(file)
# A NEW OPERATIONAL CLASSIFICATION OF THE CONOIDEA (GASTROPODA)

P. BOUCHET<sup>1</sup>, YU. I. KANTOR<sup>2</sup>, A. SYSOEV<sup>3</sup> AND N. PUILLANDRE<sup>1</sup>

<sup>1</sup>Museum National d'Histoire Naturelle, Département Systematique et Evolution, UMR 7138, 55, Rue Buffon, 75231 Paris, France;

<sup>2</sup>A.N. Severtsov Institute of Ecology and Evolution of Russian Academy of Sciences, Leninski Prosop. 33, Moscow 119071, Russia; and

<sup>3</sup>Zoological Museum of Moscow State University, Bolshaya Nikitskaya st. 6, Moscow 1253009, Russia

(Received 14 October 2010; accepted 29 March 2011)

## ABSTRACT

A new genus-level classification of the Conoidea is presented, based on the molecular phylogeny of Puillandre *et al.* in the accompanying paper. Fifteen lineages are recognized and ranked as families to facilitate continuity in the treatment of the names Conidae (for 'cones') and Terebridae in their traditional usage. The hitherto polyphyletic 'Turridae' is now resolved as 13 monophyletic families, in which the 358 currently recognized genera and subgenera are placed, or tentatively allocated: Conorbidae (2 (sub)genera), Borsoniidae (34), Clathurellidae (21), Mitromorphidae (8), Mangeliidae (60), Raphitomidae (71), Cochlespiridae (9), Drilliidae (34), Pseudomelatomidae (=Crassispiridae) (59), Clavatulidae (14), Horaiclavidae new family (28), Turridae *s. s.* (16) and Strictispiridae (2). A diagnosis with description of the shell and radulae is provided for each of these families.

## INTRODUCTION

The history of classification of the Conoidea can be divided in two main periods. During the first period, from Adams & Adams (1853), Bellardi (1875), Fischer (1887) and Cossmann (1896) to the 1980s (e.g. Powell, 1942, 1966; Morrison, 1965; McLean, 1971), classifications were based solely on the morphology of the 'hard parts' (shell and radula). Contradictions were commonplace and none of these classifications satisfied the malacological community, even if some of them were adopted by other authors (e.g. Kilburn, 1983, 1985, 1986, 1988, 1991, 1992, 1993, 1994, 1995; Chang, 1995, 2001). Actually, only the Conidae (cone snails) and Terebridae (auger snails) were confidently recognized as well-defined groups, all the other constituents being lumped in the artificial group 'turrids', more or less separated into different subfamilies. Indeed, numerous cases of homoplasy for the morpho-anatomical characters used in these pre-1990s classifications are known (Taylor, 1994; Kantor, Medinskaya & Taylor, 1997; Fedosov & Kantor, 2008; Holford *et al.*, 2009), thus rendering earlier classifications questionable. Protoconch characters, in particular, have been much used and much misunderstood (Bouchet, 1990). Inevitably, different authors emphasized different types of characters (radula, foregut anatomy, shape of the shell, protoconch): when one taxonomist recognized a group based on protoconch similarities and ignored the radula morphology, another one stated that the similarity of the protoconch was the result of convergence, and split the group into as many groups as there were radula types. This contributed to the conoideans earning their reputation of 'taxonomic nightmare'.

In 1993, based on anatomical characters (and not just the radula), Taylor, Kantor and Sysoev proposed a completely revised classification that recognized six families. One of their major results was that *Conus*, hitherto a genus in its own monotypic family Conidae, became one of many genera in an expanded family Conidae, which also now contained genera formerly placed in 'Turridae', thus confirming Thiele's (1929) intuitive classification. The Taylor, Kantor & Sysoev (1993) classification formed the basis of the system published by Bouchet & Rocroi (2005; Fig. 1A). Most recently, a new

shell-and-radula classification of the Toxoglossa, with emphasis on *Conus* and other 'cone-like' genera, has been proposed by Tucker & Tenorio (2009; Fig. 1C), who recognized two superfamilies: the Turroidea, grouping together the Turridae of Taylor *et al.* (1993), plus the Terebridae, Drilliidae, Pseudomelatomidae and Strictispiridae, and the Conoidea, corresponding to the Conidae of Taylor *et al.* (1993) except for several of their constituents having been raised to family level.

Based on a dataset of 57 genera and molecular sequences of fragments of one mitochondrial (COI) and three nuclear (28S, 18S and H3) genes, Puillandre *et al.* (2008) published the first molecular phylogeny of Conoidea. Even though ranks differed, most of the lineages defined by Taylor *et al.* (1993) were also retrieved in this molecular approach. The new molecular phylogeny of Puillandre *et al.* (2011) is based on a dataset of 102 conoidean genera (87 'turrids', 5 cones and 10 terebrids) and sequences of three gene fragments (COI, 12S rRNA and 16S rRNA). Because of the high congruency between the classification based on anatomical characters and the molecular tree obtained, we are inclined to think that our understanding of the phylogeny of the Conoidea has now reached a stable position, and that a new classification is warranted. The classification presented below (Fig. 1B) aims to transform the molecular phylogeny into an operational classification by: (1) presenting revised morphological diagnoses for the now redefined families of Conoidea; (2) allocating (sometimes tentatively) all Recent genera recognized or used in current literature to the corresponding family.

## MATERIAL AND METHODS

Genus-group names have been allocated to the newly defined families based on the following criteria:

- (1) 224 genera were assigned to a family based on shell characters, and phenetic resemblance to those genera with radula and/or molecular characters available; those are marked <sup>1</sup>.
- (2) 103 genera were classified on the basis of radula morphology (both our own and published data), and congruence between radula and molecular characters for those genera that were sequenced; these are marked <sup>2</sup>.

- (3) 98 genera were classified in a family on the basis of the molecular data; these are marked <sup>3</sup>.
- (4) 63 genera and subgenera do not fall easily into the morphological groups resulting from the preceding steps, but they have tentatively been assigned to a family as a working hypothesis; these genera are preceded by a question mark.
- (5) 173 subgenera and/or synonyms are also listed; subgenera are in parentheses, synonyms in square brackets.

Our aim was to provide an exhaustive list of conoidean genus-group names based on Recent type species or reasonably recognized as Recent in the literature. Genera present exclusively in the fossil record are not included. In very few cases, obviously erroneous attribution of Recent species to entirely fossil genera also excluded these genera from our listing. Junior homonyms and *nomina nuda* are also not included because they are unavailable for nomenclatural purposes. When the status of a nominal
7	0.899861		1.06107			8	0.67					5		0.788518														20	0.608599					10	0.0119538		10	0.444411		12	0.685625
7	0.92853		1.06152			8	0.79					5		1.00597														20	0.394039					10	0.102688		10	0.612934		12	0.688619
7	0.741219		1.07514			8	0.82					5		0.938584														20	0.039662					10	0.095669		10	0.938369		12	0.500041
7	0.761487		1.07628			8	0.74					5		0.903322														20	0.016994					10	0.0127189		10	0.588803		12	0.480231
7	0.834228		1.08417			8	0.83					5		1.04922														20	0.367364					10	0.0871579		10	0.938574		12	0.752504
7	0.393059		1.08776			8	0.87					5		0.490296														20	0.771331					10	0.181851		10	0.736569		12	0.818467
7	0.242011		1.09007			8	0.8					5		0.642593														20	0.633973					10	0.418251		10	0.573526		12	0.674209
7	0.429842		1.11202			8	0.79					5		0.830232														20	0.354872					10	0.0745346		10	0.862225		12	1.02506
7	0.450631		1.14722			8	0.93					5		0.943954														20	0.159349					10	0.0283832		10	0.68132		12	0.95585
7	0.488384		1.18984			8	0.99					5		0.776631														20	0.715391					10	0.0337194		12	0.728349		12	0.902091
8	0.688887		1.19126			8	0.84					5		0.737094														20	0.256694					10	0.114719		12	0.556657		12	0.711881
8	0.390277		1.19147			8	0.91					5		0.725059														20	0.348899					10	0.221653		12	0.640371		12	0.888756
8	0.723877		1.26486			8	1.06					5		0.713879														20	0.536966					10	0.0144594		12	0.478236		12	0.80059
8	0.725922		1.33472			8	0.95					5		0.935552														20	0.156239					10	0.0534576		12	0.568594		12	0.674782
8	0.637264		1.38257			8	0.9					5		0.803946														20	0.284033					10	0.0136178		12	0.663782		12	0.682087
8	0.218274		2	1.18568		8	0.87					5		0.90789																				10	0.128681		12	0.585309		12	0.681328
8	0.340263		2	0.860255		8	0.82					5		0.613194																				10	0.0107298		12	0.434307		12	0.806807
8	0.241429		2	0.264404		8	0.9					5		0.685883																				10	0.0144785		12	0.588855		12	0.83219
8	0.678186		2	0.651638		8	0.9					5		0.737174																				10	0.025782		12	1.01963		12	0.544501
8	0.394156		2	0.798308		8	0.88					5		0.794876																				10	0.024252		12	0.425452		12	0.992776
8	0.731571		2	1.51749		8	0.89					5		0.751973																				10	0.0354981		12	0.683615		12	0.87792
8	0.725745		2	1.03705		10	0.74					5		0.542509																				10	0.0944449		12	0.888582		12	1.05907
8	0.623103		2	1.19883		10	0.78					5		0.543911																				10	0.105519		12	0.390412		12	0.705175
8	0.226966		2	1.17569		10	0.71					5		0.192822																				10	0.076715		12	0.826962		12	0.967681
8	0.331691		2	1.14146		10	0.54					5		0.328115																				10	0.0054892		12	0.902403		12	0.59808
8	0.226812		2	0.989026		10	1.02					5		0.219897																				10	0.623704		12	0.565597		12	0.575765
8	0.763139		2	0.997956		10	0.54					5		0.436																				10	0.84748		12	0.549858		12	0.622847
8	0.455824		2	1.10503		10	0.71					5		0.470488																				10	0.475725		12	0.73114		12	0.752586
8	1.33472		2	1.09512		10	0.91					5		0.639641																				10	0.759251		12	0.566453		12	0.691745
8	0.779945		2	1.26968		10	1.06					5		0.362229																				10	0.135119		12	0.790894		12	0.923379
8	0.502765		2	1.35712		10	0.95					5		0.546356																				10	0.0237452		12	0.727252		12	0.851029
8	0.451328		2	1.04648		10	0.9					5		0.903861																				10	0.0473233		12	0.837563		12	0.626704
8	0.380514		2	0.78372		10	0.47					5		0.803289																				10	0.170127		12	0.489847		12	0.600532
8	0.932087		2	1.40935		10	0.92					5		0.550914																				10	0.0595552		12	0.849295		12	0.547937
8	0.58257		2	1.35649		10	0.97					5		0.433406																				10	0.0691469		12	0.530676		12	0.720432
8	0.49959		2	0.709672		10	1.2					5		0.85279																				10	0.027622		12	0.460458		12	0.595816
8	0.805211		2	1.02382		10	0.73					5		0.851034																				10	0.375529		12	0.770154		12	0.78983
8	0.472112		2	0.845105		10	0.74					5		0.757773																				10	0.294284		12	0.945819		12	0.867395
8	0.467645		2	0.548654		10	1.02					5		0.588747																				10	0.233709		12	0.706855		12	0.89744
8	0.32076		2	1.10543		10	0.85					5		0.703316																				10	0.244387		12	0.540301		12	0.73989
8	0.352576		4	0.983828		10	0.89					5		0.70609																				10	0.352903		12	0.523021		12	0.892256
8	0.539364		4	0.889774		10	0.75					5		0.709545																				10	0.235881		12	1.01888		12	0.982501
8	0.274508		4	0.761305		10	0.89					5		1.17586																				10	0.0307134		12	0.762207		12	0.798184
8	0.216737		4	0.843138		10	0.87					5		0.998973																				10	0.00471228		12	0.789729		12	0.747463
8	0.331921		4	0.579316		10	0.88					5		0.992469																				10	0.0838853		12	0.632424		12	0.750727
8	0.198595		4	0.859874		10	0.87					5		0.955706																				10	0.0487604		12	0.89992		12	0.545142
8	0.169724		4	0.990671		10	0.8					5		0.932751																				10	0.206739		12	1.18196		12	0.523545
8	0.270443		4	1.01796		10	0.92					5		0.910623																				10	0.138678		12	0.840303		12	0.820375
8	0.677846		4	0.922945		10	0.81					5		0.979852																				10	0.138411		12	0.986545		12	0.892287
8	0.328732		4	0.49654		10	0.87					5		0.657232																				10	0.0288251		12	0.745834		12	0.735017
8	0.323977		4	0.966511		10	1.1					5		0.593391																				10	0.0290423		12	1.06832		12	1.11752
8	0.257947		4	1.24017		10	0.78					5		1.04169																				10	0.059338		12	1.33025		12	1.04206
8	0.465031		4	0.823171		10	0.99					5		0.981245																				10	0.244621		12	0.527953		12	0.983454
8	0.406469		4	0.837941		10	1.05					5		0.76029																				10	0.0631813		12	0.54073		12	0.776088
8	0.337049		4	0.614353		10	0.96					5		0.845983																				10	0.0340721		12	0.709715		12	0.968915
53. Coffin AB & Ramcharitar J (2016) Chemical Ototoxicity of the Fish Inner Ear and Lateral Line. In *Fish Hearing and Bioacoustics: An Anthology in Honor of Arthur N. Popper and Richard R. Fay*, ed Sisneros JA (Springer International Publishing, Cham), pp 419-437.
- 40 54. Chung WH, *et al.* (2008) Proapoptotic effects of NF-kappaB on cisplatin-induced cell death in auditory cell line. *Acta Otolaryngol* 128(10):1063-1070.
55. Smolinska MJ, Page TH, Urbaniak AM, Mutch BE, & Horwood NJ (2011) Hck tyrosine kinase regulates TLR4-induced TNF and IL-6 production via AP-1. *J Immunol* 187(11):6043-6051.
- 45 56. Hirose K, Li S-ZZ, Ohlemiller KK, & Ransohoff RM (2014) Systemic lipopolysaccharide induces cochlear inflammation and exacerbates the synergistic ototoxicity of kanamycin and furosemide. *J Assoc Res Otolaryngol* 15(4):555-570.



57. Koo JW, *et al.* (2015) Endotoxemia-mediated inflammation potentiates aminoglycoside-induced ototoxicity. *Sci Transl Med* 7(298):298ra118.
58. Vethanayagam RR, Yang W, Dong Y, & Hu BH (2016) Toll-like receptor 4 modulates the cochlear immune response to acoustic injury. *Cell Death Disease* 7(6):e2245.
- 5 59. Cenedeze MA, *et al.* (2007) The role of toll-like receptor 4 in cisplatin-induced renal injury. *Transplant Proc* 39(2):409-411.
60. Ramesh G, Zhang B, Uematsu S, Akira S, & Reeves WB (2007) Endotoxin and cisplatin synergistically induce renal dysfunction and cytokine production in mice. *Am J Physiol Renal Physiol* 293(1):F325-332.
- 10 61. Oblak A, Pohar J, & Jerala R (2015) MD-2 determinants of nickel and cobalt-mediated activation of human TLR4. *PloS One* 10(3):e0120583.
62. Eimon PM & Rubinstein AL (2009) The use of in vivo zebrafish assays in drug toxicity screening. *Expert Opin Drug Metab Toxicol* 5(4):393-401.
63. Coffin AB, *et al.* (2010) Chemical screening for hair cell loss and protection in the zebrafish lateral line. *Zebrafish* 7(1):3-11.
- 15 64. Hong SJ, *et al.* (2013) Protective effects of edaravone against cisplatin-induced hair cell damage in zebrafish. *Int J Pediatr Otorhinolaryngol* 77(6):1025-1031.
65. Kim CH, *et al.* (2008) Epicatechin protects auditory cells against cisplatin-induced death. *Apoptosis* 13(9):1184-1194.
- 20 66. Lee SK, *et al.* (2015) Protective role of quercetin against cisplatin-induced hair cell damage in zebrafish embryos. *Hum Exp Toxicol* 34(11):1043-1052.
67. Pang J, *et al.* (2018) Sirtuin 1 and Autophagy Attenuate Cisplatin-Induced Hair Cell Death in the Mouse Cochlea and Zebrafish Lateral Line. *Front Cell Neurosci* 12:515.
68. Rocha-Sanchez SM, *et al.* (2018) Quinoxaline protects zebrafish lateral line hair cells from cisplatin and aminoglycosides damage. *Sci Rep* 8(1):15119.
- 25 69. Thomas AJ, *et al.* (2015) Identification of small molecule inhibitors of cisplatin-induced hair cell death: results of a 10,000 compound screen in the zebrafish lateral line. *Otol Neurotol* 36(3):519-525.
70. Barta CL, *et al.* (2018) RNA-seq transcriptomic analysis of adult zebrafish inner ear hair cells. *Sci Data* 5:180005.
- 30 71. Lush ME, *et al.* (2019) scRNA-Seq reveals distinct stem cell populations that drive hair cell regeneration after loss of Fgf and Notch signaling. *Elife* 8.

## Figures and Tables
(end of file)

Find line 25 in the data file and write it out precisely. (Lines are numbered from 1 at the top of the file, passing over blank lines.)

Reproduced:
7	0.761487		1.07628			8	0.74					5		0.903322														20	0.016994					10	0.0127189		10	0.588803		12	0.480231